‘Dormant’ volcano near Rome shows signs of waking

The Colli Albani region. Wikimedia/Deblu68

A volcano once believed to be dormant is showing signs of activity near Rome, Italy, scientists report.

Colli Albani, a 15-kilometre semicircle of hills just outside Rome, was believed to be an extinct volcano, as there were no recorded eruptions in human history. However, over the past few years, seismologists have detected steam vents as well as earthquake activity and a rise in ground level.

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Earlier studies had found that, in its history, the volcano erupted with hot ash and fast-moving lava. Further research also suggests that, should the volcano erupt, it could be as destructive as the 79 AD eruption of Mount Vesuvius that destroyed the cities of Pomeii and Herculaneum.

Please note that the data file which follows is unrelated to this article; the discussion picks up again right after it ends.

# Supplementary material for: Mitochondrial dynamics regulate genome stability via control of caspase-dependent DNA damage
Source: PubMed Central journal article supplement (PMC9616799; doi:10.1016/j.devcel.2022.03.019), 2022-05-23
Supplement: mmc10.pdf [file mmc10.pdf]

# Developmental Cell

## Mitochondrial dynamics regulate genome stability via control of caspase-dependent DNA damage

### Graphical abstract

The authors of the study, which appeared in American Geophysical Union’s Geophysical Research Letters, conclude that an eruption from Colli Albani could send ash and smoke over nearby cities. If winds blew in the right direction, it could also affect Rome, which is only 19 km from the region.

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But Romans don’t need to panic just yet: the study suggests that an eruption could occur 1,000 years from now.

Scientists began inspecting the region about 20 years ago when they noticed an unusual uprising in the hills (it continues to rise about two millimetres a year). This is usually indicative of a bubble of magma beneath the surface. Then an earthquake swarm (a series of earthquakes that occur close together in timing) rocked Rome between 1991 and 1995. In 2013, a steam vent, known as a fumarole, appeared near Rome’s Fiumicino airport. All signs seemed to point to the awakening of a once-dormant volcano.

Seismologists believe that Colli Albani last erupted about 36,000 years ago and is overdue for another.

H/T: Live Science

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